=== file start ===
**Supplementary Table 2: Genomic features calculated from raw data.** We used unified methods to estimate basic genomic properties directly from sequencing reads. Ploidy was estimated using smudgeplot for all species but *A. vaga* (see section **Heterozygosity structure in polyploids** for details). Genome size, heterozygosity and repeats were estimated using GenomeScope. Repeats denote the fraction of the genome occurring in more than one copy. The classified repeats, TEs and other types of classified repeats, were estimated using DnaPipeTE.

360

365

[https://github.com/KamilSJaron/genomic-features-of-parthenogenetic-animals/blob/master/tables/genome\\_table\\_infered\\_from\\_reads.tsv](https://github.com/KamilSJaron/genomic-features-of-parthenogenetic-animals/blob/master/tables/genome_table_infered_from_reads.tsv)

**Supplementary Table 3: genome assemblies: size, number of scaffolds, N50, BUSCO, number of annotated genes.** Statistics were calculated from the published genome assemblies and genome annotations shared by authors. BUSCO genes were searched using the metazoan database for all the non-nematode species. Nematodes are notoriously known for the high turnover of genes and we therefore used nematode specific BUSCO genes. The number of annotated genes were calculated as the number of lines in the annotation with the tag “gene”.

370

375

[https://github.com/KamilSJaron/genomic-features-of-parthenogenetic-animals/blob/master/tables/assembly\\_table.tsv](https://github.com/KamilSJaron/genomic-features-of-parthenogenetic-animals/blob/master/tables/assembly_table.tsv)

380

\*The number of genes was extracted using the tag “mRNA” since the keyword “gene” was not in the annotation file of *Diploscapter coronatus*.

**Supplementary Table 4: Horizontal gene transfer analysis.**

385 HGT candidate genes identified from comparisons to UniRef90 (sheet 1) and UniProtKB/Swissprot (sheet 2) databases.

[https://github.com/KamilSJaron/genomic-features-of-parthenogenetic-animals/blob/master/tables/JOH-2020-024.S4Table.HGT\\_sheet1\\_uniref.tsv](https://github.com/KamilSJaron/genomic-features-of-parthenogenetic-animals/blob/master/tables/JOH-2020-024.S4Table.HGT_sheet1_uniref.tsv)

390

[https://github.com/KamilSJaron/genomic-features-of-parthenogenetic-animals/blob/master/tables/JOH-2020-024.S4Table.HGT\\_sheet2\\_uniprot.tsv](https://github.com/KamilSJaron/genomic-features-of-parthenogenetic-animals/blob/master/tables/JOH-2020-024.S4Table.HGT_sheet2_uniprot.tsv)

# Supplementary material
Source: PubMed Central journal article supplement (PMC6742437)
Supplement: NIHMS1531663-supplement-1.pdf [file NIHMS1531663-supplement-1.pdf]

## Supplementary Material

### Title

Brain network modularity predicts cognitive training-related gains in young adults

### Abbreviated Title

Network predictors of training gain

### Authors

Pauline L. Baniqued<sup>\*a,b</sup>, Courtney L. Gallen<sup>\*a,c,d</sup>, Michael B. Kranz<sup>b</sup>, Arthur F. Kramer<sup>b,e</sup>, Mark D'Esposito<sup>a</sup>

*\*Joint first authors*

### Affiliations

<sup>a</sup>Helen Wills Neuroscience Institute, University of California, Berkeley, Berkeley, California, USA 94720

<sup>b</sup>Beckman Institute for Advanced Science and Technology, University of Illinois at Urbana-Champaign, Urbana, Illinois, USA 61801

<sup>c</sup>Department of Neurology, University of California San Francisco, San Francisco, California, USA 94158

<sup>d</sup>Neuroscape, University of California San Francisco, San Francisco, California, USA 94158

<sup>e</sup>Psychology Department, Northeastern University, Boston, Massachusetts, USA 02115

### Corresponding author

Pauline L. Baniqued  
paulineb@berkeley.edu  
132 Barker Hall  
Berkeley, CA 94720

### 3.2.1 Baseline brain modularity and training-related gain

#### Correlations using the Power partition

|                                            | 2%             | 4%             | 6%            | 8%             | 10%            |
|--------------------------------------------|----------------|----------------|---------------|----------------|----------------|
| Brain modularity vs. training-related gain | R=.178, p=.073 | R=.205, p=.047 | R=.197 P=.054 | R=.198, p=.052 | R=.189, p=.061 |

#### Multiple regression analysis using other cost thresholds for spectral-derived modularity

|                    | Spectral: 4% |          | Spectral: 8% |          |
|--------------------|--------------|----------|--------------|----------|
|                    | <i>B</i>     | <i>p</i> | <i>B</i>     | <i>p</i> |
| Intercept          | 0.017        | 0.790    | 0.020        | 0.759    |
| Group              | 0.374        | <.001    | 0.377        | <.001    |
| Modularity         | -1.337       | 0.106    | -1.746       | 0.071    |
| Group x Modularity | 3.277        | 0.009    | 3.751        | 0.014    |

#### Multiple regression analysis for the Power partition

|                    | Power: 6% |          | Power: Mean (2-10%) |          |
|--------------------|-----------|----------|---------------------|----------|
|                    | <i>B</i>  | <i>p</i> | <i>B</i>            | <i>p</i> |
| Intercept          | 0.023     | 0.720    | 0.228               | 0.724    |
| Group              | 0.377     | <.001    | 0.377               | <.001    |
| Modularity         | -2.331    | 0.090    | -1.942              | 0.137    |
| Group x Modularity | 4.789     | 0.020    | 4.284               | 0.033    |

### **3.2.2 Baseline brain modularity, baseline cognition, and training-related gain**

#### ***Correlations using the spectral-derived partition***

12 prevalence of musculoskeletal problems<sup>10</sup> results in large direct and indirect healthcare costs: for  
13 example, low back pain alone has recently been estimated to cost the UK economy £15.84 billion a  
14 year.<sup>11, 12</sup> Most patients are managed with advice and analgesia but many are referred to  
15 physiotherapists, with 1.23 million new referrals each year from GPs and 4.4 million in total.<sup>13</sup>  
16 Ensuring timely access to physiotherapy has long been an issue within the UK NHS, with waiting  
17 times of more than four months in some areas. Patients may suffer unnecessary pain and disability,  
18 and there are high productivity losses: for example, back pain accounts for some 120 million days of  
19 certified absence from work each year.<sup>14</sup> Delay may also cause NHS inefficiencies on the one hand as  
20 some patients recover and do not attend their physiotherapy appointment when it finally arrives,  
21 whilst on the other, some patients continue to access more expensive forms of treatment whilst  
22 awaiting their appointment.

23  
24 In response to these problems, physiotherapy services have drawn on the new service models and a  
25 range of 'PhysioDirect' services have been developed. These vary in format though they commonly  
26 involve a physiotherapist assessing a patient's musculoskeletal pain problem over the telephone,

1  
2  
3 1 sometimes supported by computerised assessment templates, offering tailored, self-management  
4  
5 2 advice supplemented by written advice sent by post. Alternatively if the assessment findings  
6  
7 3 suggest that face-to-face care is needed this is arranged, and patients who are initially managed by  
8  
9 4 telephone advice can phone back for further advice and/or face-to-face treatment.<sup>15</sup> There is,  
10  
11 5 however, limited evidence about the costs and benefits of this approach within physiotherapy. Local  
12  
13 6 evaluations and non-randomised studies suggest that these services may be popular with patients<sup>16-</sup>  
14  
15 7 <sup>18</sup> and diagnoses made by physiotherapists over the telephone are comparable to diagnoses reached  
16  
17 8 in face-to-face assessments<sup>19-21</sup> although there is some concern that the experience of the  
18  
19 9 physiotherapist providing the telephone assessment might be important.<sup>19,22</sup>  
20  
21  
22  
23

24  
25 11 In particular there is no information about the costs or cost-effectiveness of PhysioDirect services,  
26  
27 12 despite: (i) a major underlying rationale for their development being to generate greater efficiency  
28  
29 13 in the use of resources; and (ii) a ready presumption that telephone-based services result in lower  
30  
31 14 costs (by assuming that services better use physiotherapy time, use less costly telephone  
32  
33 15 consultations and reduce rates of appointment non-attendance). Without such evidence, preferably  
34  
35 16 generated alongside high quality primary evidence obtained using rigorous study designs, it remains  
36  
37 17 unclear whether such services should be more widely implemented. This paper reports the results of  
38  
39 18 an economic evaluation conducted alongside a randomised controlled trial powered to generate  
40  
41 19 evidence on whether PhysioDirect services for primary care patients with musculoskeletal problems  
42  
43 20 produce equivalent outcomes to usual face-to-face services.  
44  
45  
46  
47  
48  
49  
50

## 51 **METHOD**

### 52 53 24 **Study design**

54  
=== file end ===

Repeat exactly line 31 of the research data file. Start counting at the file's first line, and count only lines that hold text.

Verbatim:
<sup>d</sup>Neuroscape, University of California San Francisco, San Francisco, California, USA 94158